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CRIME

Hamburg student’s killer jailed for 70 years

A US man who shot dead an unarmed German exchange student was sentenced to serve 70 years on Thursday in a case that tested the limits of some American states' cherished self-defense laws.

Hamburg student's killer jailed for 70 years
A protest march in Hamburg following Diren Dede's death. The banner reads: The USA is also to blame for Diren's murder through its laws. Photo: DPA

District Judge Ed McLean told Markus Kaarma, 30, that he "went hunting" rather than merely protecting his home when he killed Diren Dede last April after the 17-year-old wandered into Kaarma's garage in the small town of Missoula, Montana.

"It brings me to the conclusion that you're just not a very nice person," McLean told Kaarma, who was convicted in December of deliberate homicide and will be eligible for parole after serving 20 years.

"You're not killing to protect your family… you're angry at the world."

On the night of the fatal shooting, Dede and a fellow exchange student from Ecuador were strolling through the neighborhood when the German teen decided to explore Kaarma's open garage, apparently looking for alcohol.

After two earlier burglaries, Kaarma had installed motion detectors, which alerted him to the presence of an intruder.

He grabbed his shotgun, went outside and fired several times into the dark garage, fatally wounding Dede.

Kaarma's attorneys invoked a local law known as the "Castle Doctrine" that allows homeowners to use deadly force to defend themselves and their families from bodily harm or to prevent a violent crime.

But a jury convicted the shooter following the prosecution's argument that Kaarma and his girlfriend purposely left the garage open to trap an intruder.

"Anxiety doesn't excuse the anguish that you caused," McLean told Kaarma.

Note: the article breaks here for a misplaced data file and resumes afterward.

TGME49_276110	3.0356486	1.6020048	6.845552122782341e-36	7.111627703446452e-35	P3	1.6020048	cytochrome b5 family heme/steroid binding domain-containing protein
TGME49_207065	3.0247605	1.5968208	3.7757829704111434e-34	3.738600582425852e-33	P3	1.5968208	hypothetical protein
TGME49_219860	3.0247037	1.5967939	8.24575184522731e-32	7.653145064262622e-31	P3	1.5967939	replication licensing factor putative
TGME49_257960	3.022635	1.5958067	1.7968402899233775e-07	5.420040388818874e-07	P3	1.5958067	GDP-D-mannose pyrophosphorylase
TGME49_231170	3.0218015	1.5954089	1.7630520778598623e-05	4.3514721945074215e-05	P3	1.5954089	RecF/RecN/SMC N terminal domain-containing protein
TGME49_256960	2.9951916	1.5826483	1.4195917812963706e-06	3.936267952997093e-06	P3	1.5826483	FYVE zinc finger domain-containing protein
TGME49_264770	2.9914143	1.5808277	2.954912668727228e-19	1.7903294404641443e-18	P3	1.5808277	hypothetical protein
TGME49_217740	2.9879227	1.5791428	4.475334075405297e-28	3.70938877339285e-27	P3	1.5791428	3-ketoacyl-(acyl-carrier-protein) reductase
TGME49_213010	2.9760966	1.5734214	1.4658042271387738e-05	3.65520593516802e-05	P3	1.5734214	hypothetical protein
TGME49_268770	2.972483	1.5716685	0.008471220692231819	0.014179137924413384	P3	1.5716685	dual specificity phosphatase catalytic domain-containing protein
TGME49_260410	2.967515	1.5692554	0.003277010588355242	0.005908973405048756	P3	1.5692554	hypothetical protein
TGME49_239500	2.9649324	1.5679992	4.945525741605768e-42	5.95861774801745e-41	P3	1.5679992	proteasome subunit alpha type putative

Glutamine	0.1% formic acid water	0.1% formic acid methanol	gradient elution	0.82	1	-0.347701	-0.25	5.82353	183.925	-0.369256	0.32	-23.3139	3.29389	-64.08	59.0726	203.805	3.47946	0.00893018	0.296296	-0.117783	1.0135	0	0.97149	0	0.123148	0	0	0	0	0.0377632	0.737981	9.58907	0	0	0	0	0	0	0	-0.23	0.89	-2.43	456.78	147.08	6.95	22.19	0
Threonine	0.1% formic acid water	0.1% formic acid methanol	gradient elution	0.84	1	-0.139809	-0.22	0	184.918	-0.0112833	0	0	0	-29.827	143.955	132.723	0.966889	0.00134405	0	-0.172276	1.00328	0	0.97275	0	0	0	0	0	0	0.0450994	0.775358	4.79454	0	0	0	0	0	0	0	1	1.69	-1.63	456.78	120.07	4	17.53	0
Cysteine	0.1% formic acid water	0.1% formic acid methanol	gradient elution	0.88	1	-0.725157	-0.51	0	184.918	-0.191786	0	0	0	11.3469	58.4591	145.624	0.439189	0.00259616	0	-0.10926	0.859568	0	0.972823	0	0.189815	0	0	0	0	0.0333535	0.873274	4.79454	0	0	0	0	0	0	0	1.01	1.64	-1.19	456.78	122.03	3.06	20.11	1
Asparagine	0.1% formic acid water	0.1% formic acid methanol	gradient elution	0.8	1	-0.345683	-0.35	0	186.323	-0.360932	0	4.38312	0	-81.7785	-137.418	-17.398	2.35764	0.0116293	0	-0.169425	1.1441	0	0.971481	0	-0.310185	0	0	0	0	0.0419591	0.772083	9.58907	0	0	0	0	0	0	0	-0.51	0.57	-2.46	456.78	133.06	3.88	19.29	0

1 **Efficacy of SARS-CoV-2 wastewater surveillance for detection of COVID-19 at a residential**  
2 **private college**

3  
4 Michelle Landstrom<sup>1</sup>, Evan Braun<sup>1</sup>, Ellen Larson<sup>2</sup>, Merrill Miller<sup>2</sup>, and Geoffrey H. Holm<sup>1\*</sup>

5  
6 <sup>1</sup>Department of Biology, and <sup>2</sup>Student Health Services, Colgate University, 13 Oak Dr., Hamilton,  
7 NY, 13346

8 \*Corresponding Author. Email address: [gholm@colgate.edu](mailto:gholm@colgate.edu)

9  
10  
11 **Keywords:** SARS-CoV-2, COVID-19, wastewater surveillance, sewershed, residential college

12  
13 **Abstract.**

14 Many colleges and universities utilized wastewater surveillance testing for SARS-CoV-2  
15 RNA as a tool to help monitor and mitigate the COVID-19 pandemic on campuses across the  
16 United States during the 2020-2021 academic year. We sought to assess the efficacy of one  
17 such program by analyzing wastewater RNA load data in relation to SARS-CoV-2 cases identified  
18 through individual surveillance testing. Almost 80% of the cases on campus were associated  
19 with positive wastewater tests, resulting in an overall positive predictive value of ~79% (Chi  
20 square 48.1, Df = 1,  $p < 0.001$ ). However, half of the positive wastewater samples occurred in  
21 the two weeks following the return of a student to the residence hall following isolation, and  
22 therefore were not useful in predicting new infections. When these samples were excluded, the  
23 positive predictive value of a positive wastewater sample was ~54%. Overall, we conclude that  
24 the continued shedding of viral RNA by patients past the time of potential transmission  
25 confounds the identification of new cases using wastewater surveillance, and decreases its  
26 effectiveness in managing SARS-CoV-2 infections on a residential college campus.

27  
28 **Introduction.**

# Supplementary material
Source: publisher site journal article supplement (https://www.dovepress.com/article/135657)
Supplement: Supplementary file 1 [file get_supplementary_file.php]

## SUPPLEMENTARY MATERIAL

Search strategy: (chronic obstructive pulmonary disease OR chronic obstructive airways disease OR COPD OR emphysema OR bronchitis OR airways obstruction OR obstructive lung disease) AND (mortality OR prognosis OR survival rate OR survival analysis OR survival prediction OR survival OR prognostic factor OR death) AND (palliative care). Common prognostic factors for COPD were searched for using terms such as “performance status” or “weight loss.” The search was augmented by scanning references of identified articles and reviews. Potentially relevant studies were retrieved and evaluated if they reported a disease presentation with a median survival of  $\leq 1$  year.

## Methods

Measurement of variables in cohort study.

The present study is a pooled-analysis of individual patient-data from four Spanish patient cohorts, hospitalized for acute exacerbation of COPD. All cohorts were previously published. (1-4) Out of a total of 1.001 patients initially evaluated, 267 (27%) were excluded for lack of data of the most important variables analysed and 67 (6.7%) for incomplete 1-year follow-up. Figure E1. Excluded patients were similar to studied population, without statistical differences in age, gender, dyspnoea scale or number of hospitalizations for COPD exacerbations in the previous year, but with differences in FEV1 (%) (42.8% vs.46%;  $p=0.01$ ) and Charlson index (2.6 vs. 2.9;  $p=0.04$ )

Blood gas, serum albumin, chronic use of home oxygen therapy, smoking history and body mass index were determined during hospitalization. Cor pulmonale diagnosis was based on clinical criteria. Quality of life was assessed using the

Kaarma, wearing handcuffs and an orange prison jumpsuit, said he was sorry for Dede's death but defended his actions.

"I felt I did what was necessary to protect my family and myself," he insisted in a brief statement.

His mother, Chong Oak Kaarma, also took the stand and apologized to Dede's family.

"I don't know how to find words to express my sadness," she said.

"It's too late," Dede's father Celal replied from the courtroom.

The victim's family will file a civil lawsuit against Kaarma to seek damages, attorney Bernhard Docke told journalists.

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CRIME

German man jailed for killing petrol station worker in mask row

A 50-year-old German man was jailed for life Tuesday for shooting dead a petrol station cashier because he was angry about being told to wear a mask while buying beer.

German man jailed for killing petrol station worker in mask row

The September 2021 murder in the western town of Idar-Oberstein shocked Germany, which saw a vocal anti-mask and anti-vaccine movement emerge in response to the government’s coronavirus restrictions.

The row started when 20-year-old student worker Alex W. asked the man to put on a mask inside the shop, as required in all German stores at the time.

After a brief argument, the man left.

The perpetrator – identified only as Mario N. – returned about an hour and a half later, this time wearing a mask. But as he bought his six-pack of beer to the till, he took off his mask and another argument ensued.

He then pulled out a revolver and shot the cashier in the head point-blank.

On Tuesday, the district court in Bad-Kreuznach convicted Mario N. of murder and unlawful possession of a firearm, and handed him a life sentence.

READ ALSO: Shock in Germany after cashier shot dead in Covid mask row

Under German law, people given a life sentence can usually seek parole after 15 years. His defence team had sought a sentence of manslaughter, rather than murder.

At the start of the trial, prosecutor Nicole Frohn told how Mario N. had felt increasingly angry about the measures imposed to curb the pandemic, seeing them as an infringement on his rights.

“Since he knew he couldn’t reach the politicians responsible, he decided to kill him (Alex W.),” she said.

Mario N. turned himself in to police the day after the shooting.

German has relaxed most of its coronavirus rules, although masks are still required in some settings, such as public transport.

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